Jack Kirby in "The Dungeon," his home studio, in 1949. (Kirby family collection)Link
Jack Kirby, 1945, Brighton Beach. (Kirby family collection)Link
Jack Kirby in 1949 in New York City. (Kirby family collection)Link
Long Island, 1950. Rosalind and Jack Kirby with their children, Neal, 2, and Susan, 6. Credit: (Kirby family collection)Link
1961, Neal Kirby's Bar Mitzvah. Left to right in rear: Neal Kirby, Rosalind Kirby, Susan Kirby and Jack Kirby; Barbara Kirby in front. (Kirby family collection)Link
Jack Kirby touching up an Iron Man page in 1965 at the Marvel offices. (Kirby family collection)Link
Jack Kirby at work in his Thousand Oaks home studio in 1982. (Kirby family collection)Link
Jack Kirby, 1991 portrait photo. (Ray Wyman/Kirby family collection)Link
One of the most contentious court battles in comics has come to an end.
Marvel and the members of Jack Kirby’s family issued a joint statement Friday to announce that the long-running legal case over royalties related to characters created or co-created by the legendary pioneer has been settled out of court.
The short statement read in full: “Marvel and the family of Jack Kirby have amicably resolved their legal disputes, and are looking forward to advancing their shared goal of honoring Mr. Kirby’s significant role in Marvel’s history.”
During his decades in comics, Kirby created or co-created Captain America, the Hulk, the Fantastic Four, the X-Men, Iron Man, Doctor Doom, the Silver Surfer, Magneto, the Black Panther, Ant-Man, the Red Skull, Galactus and dozens of other comic book characters, helping define Marvel Comics during the Silver Age.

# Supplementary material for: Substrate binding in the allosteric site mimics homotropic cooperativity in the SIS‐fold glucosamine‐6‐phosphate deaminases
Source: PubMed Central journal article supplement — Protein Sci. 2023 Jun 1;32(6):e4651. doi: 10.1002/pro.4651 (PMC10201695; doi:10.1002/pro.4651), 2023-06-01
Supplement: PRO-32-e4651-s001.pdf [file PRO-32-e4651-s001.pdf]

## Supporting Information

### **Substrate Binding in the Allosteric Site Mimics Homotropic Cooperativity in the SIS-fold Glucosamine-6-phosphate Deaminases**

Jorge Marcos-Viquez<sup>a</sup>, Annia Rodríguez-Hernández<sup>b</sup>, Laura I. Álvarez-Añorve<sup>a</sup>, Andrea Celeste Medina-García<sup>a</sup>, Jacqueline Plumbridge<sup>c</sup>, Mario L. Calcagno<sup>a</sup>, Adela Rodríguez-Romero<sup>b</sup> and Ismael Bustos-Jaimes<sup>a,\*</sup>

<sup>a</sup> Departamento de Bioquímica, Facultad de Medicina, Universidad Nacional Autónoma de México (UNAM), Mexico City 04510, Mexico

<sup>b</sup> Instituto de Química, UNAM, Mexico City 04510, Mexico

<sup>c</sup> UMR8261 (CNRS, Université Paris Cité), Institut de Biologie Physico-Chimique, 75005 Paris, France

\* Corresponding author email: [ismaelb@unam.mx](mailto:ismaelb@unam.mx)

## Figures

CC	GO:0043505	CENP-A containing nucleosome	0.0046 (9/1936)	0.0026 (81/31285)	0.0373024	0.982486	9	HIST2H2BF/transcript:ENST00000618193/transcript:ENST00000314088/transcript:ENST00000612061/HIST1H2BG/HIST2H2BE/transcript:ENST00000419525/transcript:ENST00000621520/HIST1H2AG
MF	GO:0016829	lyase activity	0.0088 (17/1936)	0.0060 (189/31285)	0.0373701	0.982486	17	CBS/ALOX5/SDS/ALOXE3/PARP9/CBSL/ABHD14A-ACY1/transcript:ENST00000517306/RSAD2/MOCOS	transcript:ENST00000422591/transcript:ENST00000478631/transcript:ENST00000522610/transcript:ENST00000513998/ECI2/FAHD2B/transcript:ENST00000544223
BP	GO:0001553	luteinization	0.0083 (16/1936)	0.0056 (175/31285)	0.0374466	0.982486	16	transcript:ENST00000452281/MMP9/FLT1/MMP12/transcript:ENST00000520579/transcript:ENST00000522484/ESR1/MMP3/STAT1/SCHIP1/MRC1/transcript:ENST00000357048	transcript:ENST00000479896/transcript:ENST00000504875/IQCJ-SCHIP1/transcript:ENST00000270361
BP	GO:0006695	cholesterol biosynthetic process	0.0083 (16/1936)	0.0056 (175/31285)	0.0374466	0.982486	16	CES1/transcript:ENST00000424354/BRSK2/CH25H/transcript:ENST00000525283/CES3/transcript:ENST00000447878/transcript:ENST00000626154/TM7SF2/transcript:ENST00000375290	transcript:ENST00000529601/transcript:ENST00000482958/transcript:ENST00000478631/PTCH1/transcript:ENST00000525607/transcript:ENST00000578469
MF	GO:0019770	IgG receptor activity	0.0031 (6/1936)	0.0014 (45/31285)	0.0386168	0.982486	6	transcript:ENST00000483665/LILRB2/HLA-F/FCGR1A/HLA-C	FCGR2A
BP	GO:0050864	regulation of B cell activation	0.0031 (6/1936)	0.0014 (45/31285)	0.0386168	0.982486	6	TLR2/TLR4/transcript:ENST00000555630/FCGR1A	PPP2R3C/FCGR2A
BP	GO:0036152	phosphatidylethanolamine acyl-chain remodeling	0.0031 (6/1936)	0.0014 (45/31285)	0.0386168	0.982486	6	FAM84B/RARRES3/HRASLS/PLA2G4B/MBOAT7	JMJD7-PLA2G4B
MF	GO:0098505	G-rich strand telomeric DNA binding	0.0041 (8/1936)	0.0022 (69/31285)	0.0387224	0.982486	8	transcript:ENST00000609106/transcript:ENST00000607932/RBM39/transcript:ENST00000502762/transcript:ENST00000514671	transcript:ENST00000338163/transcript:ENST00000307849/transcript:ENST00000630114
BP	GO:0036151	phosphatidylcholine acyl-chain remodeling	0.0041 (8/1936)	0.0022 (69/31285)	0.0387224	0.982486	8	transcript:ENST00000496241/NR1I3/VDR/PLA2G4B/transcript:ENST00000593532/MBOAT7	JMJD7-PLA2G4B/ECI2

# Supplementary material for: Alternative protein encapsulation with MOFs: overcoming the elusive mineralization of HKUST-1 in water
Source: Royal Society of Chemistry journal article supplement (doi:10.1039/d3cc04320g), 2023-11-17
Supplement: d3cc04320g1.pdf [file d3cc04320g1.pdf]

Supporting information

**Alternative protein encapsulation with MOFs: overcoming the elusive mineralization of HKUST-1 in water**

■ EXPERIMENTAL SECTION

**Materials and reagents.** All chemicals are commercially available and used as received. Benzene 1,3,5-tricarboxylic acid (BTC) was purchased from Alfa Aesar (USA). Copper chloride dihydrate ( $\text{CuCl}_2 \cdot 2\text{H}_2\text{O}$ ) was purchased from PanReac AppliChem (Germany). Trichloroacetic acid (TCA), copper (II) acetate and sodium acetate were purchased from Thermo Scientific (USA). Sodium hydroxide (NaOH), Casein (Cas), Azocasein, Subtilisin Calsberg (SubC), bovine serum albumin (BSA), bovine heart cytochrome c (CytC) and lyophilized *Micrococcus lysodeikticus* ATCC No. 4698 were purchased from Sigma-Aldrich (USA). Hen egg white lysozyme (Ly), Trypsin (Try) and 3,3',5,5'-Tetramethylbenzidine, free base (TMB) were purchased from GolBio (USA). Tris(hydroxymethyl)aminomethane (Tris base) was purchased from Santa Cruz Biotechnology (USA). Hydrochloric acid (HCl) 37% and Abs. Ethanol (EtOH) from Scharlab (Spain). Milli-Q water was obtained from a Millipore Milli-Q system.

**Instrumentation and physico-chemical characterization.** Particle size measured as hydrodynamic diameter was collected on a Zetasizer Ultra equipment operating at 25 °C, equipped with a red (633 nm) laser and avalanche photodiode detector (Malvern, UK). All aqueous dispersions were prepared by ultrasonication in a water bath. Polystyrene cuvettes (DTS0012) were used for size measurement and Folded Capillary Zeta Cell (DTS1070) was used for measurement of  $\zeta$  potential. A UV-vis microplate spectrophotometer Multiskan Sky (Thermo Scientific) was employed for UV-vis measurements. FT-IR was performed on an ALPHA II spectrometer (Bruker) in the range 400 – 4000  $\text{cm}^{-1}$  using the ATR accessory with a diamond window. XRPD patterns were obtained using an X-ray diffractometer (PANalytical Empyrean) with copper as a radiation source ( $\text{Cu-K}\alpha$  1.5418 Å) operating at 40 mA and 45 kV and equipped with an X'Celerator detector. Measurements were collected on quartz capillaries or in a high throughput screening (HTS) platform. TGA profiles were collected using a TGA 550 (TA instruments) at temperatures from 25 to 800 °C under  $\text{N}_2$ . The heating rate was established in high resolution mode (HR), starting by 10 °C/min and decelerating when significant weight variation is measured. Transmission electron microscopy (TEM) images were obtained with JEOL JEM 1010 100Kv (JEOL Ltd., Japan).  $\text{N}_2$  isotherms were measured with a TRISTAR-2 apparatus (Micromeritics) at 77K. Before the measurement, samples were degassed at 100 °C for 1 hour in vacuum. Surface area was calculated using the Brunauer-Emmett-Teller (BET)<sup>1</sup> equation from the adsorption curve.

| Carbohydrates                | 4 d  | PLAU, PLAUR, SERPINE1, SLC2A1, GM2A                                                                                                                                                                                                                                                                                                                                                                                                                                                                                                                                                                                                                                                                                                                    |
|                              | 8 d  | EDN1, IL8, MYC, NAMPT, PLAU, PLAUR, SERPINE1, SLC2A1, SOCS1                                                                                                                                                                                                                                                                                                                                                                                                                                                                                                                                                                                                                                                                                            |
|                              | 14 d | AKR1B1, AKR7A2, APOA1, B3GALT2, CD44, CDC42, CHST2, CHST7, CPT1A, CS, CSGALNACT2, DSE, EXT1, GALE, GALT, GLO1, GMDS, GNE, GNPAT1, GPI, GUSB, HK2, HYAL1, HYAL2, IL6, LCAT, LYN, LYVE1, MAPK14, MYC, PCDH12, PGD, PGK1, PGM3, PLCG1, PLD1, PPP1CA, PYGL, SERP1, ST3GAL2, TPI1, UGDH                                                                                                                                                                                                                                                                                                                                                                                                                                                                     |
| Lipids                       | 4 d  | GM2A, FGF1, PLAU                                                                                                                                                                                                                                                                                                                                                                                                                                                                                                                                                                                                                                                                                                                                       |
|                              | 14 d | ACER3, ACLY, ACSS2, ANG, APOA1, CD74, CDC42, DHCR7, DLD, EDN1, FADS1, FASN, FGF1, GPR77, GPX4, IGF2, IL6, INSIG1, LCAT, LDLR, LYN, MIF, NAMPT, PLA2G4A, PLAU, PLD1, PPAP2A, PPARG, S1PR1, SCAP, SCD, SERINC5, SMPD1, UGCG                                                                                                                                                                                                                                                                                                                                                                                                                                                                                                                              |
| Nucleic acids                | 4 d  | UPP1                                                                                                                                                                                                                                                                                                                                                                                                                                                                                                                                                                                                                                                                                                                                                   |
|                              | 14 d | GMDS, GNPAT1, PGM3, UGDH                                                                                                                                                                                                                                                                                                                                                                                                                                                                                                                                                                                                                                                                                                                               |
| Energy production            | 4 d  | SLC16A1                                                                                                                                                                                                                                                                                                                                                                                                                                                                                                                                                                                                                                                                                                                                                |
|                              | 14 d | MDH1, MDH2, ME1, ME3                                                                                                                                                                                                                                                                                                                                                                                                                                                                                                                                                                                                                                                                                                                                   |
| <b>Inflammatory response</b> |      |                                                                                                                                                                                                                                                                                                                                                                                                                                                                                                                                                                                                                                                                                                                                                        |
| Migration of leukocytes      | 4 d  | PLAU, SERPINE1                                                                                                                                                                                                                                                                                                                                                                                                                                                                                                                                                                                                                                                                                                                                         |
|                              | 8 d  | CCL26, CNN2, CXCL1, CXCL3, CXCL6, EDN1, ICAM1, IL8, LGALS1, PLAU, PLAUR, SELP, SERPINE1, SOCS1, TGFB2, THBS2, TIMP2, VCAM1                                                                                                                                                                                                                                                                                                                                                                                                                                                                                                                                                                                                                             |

The issue had been whether Kirby, who died in 1994, created the characters under work-for-hire deals, in which case he would not be entitled to any profits from the toys, video games or blockbuster movies starring them. In the 1960s his longtime partner Stan Lee became the public face of Marvel, and the once-close collaborators became estranged over creative credit — resulting in Kirby’s defection to rival DC Comics in the early 1970s.
He later returned to Marvel for a two-year run near the end of that decade.
After Disney purchased Marvel for $4 billion in 2009, Kirby’s four children served 45 “notices of termination” to Marvel, Disney, Sony Pictures, 20th Century Fox, Paramount Pictures and Universal Pictures, seeking to regain copyright control of certain characters.
Since then, the legal wrangling has wound its way through many decisions and appeals, even as Marvel has gained footing in Hollywood as a blockbuster hit factory.
The company’s most recent film, August’s “Guardians of the Galaxy,” is the highest-grossing domestic release of 2014. Its April film, “Captain America: The Winter Soldier,” ranks second.
While his characters enjoy a robust cinematic life, Kirby’s legacy has continued to thrive in many ways — his granddaughter, Jillian Kirby, began a campaign two years ago, at the age of 16, to honor her late grandfather.
Titled Kirby4Heroes, the charitable venture was launched to generate donations for the Hero Initiative, a nonprofit organization dedicated to helping comic book creators in need, offering assistance to artists and writers.
— Gina McIntyre
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